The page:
Jeff Strickland and his staff of 13 run a nonprofit that is on a mission to help young people by accounting for real-world issues and nature in their lives.
Our Kids Future Foundation, Inc. is a 501(c)3 nonprofit organization designed to help teenagers and young adults who are underprivileged and to get kids away from technology to learn about the natural world around them. Founded in February 1996, the organization is based in Harmony, California, a dairy town centrally located in the Golden State known for being one of the smallest towns in America with a population of just 18.
The nonprofit currently has a facility situated on property that was previously occupied by a military radar station. It used to serve as a residence for young adults and families who were homeless that the nonprofit took in, but it is now primarily used for holding workshops that the organization hosts.
“The primary mission of this organization is to coach teenagers and young adults toward sustainability in their lives,” Strickland says. “We also want to get these young people away from the Internet and electronics and out into nature. Basically, we want kids to be more connected to the real world rather than the virtual world, but we certainly recognize the importance of technology.”
Strickland, who used to work in the banking industry, says the inspiration for starting Our Kids Future Foundation came from work he had previously done in the community and from his keen interest in nature.
“I was doing volunteer work for youth homes,” he says. “I felt futile in that anything I was doing just wasn’t really working. So I thought about doing something on my own. I discovered that the business model my colleagues and I designed to help kids was starting to work.”
He believes the foundation’s mission has and will continue to make it a success, although it is going through a bit of a transition phase.
“Our future is dependent on our kids,” he says.
He also believes partnerships with other organizations like the YMCA and the United Way are essential, and he has worked in conjunction with them numerous times.
There are several activities involved in the workshops. They include making farming tools like knives, crafts, and other items originally used in the 1800s. In addition, kids get to care for plants and learn about animals that make up the local ecosystem.
Strickland thoroughly enjoys seeing kids benefit from the programs his nonprofit offers.
“We love to see graduates from our program keep their motivation levels high and be successful as adults,” he says. “Another rewarding part of it is to see that things from the past can still work today.”
He and his team feel they have carved out a niche in the nonprofit realm, which is why there isn’t a ton of current competition out there.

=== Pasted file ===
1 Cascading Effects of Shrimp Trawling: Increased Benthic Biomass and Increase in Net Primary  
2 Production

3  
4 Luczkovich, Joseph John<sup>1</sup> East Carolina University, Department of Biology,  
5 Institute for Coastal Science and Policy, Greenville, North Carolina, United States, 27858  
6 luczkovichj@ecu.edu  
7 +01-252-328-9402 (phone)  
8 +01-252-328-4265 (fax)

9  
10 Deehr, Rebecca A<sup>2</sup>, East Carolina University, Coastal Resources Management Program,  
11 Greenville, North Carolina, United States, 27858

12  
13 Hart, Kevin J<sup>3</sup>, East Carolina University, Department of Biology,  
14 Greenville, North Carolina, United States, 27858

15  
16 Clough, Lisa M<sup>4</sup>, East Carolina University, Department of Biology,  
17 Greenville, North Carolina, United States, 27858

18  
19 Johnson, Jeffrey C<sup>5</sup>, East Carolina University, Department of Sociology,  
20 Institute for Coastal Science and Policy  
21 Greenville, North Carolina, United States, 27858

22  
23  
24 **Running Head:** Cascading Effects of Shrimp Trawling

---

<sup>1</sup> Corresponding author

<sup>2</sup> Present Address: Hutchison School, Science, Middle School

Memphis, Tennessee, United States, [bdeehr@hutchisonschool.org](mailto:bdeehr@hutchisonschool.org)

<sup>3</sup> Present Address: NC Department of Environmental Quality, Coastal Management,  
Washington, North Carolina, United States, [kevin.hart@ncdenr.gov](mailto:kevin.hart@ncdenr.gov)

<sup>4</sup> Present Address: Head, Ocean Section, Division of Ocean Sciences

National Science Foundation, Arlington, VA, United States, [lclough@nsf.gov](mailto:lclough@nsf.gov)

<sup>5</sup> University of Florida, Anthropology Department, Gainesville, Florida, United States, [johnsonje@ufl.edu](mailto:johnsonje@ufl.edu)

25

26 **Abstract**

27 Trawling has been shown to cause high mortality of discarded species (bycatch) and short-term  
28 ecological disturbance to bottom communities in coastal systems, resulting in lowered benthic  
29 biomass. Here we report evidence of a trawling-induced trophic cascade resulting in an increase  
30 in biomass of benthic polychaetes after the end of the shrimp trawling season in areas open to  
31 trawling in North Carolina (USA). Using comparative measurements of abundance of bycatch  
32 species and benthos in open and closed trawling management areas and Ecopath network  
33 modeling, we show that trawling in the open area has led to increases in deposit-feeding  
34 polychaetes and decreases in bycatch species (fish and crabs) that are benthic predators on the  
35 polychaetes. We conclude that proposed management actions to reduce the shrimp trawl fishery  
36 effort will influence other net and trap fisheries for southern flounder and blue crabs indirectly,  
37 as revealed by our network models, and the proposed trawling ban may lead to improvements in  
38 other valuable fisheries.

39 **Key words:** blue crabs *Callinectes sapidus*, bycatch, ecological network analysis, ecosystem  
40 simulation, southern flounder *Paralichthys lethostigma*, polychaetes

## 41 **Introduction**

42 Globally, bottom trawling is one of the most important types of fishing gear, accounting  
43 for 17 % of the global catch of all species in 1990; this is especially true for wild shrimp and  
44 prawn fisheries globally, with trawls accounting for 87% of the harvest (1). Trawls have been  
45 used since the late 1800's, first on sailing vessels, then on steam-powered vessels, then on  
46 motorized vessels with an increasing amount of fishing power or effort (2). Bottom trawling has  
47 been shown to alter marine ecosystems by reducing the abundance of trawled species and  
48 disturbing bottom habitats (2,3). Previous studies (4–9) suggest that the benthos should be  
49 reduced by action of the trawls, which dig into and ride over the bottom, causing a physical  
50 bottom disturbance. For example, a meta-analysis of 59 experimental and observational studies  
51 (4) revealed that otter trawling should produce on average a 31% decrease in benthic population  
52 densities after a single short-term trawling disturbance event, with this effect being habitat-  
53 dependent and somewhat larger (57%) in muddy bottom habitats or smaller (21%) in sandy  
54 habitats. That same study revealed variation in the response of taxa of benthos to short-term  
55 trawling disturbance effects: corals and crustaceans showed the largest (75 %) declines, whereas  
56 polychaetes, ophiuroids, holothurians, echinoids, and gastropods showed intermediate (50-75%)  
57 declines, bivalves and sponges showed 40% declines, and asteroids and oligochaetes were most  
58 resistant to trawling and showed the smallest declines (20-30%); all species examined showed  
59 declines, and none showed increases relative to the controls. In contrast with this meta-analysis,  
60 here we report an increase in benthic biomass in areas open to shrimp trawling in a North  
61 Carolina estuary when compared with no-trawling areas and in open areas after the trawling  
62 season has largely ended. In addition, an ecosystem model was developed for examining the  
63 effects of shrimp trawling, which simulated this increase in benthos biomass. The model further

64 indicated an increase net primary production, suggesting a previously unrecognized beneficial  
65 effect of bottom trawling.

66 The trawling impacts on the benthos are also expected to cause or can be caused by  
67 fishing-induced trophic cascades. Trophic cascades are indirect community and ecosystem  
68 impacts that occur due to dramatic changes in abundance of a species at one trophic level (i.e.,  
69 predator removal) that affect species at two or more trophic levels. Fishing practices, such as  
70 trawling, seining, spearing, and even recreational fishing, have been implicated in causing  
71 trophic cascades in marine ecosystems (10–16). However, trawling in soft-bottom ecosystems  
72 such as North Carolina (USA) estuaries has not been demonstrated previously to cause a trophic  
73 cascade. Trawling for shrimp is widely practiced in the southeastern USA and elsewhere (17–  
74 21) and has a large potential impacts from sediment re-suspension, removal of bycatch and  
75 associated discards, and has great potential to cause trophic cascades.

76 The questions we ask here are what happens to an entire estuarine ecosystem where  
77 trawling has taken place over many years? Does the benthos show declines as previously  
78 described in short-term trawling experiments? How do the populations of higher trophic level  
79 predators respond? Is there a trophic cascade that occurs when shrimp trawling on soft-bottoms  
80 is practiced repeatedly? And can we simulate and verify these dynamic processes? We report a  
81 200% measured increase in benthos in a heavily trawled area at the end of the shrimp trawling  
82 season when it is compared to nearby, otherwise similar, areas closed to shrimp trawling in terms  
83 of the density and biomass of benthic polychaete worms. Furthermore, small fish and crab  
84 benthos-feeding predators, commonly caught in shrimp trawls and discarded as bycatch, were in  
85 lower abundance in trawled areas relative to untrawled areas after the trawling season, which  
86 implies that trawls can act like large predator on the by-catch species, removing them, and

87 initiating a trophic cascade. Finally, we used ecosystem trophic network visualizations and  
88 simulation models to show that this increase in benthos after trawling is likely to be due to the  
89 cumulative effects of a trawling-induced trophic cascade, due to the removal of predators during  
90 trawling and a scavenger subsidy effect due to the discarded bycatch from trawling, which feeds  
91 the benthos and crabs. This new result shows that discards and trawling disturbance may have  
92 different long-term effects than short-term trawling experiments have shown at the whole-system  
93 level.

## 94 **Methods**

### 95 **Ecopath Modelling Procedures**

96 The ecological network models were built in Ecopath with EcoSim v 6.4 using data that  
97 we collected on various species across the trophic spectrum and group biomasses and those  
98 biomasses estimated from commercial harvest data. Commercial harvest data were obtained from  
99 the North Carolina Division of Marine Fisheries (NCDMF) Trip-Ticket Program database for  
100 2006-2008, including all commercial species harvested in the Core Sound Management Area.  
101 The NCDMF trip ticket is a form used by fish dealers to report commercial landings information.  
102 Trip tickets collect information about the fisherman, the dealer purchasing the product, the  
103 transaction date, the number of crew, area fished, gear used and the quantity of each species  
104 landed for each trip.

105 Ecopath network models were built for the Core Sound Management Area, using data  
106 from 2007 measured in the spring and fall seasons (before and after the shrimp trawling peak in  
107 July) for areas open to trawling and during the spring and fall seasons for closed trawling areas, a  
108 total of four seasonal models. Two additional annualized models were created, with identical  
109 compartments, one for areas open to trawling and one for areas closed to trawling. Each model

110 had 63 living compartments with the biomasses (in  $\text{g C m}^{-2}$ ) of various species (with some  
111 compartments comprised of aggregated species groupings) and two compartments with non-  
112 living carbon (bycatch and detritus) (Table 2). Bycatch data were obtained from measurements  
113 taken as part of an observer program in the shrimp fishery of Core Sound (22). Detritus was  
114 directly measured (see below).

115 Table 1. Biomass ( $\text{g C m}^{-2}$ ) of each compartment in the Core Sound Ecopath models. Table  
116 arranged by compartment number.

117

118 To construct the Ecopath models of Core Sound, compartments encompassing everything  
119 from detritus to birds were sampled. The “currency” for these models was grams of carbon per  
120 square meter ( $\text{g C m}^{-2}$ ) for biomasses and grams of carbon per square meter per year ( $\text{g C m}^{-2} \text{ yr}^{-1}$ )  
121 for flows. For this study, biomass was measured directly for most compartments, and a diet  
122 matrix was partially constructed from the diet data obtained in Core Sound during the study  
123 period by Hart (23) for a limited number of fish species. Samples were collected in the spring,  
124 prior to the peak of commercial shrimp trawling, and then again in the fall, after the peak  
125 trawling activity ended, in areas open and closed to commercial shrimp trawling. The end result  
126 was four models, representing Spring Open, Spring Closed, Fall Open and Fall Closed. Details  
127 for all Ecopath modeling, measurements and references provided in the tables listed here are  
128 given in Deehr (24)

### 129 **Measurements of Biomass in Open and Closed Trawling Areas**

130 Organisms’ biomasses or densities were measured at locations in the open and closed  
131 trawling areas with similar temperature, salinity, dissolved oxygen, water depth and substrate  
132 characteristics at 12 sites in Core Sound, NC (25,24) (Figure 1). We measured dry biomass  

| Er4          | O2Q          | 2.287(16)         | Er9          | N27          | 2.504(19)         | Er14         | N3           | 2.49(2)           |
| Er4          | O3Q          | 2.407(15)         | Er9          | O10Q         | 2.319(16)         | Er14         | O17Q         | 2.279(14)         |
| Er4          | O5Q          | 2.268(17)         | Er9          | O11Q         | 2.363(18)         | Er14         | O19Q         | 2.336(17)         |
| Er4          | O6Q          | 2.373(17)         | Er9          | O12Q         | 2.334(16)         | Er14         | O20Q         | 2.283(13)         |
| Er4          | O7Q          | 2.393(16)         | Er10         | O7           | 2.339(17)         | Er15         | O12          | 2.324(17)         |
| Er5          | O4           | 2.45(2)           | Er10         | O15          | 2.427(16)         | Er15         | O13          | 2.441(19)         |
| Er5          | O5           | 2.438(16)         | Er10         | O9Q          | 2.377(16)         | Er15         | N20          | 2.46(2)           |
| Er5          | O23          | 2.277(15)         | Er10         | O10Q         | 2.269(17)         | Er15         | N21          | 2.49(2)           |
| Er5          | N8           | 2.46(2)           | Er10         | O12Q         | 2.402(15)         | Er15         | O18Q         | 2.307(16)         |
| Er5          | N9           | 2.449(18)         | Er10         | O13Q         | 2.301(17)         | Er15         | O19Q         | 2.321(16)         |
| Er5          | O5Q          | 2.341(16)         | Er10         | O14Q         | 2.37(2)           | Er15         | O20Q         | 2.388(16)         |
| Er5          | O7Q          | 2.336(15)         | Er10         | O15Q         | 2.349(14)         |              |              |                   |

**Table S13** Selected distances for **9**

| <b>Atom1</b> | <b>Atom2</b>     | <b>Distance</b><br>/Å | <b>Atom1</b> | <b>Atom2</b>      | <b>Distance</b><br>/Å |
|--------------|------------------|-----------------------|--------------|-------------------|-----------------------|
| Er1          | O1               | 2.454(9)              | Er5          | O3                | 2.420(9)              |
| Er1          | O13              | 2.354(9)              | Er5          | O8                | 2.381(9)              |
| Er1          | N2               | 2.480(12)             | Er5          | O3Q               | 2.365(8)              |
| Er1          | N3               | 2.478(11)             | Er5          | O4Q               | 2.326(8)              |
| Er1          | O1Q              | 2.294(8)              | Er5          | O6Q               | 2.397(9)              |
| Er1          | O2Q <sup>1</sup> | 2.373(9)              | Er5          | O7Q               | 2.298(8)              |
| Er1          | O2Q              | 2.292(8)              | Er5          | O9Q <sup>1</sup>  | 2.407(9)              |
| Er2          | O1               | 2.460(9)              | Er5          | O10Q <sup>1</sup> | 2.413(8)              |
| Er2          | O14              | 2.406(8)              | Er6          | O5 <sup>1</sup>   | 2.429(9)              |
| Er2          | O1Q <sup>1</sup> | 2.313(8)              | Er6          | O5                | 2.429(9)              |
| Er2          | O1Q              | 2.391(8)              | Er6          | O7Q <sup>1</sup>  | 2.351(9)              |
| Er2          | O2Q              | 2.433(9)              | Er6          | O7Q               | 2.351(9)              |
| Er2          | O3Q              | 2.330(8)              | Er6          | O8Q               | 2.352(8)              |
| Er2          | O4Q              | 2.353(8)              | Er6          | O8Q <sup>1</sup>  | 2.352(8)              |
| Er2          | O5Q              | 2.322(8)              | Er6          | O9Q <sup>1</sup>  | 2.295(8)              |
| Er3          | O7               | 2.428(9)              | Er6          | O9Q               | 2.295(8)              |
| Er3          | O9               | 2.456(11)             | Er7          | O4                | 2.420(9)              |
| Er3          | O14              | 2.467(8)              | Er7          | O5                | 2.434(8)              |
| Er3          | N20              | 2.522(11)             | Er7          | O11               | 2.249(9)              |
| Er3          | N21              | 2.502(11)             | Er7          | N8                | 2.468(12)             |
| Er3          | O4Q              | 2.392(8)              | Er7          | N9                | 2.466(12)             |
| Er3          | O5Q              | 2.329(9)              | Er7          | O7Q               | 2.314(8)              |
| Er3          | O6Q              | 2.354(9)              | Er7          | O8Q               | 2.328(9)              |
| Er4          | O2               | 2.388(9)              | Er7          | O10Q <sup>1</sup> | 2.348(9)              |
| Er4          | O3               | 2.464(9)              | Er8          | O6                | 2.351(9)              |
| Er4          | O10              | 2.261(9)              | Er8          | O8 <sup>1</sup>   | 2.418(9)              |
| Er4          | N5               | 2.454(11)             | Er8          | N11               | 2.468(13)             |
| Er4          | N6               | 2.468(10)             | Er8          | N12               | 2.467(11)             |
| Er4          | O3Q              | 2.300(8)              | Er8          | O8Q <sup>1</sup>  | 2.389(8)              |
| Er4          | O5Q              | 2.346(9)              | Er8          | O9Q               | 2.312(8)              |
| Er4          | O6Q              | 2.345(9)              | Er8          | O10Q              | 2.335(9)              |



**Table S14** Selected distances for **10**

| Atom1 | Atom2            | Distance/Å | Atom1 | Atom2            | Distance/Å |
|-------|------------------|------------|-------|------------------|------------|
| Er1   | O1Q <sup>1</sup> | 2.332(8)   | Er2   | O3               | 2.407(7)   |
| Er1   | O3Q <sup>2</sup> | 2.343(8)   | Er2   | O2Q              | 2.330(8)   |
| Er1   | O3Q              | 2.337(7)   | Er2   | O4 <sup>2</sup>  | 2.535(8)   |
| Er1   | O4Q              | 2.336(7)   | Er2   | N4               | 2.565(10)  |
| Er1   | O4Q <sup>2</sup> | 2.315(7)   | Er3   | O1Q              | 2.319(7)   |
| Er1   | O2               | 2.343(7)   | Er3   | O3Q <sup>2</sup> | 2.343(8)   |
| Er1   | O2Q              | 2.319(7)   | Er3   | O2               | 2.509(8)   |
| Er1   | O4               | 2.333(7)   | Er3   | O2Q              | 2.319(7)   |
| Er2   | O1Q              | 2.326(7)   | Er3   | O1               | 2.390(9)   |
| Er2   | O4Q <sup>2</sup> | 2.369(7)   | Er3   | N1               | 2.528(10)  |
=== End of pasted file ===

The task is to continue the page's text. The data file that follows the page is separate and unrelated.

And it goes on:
“There are really no organizations we’ve found that do things the way we do them,” he says. “We are always trying to keep moving in a direction that is different. One thing we strive for is to put most of the money we bring in toward our mission rather than toward our administration.”
Marketing the Nonprofit
Word-of-mouth has been the biggest marketing strategy for the organization, Strickland says. However, it also has a large Internet presence through a unique network of websites that get over 5,000 visitors each day. The main site is www.okff.org.
“We like to use less intrusive ways to advertise online,” he says. “We call it center out where the main part of a webpage is in the center and the rest is around it. We use artistically-pleasant designs for our sites that are clean and easy to read.”
Challenges are simply part of the game when starting up a new business and maintaining it long-term. Strickland says he and his staff have come across many of these common hurdles.
“The economy is the big problem right now,” he says. “We are trying to figure out how to do things the old-fashioned way where you don’t spend more money than you have.
“As a nonprofit, we are challenged every year on new IRS regulations that make it harder to focus on our mission. Far too much time is spent on doing paperwork. You almost have to have a full-time administrative person to only handle the paperwork aspect of it.”
His advice to aspiring small business owners is to be patient and use your best judgment in determining whether a business plan is viable or not.
“Startup costs cause most new companies to go out of business. If a business model looks like it’s working, then you should establish a formal entity for it. You will end up increasing your profits to make up for the inefficiencies you dealt with early on. Grow the company wisely and slowly. Make sure it’s controlled growth. The instant overnight success stories are very rare.”
While Strickland loves being self-employed and feels there are far more incentives to it than drawbacks, he still recommends that all new small business owners maintain a side job if possible due to the risky nature of diving into something new.
As a client of 1-800Accountant, Strickland has found the accounting firm’s services beneficial in many ways.
“I really like the concept of 1-800Accountant,” he says. “They are really helping us with our bookkeeping, which can be a little complicated. I would absolutely recommend 1-800Accountant to others.”
Photo credit: The photograph of Harmony, California is by photographer J. Ascenzi. This photograph is published under a Creative Commons License from Flickr.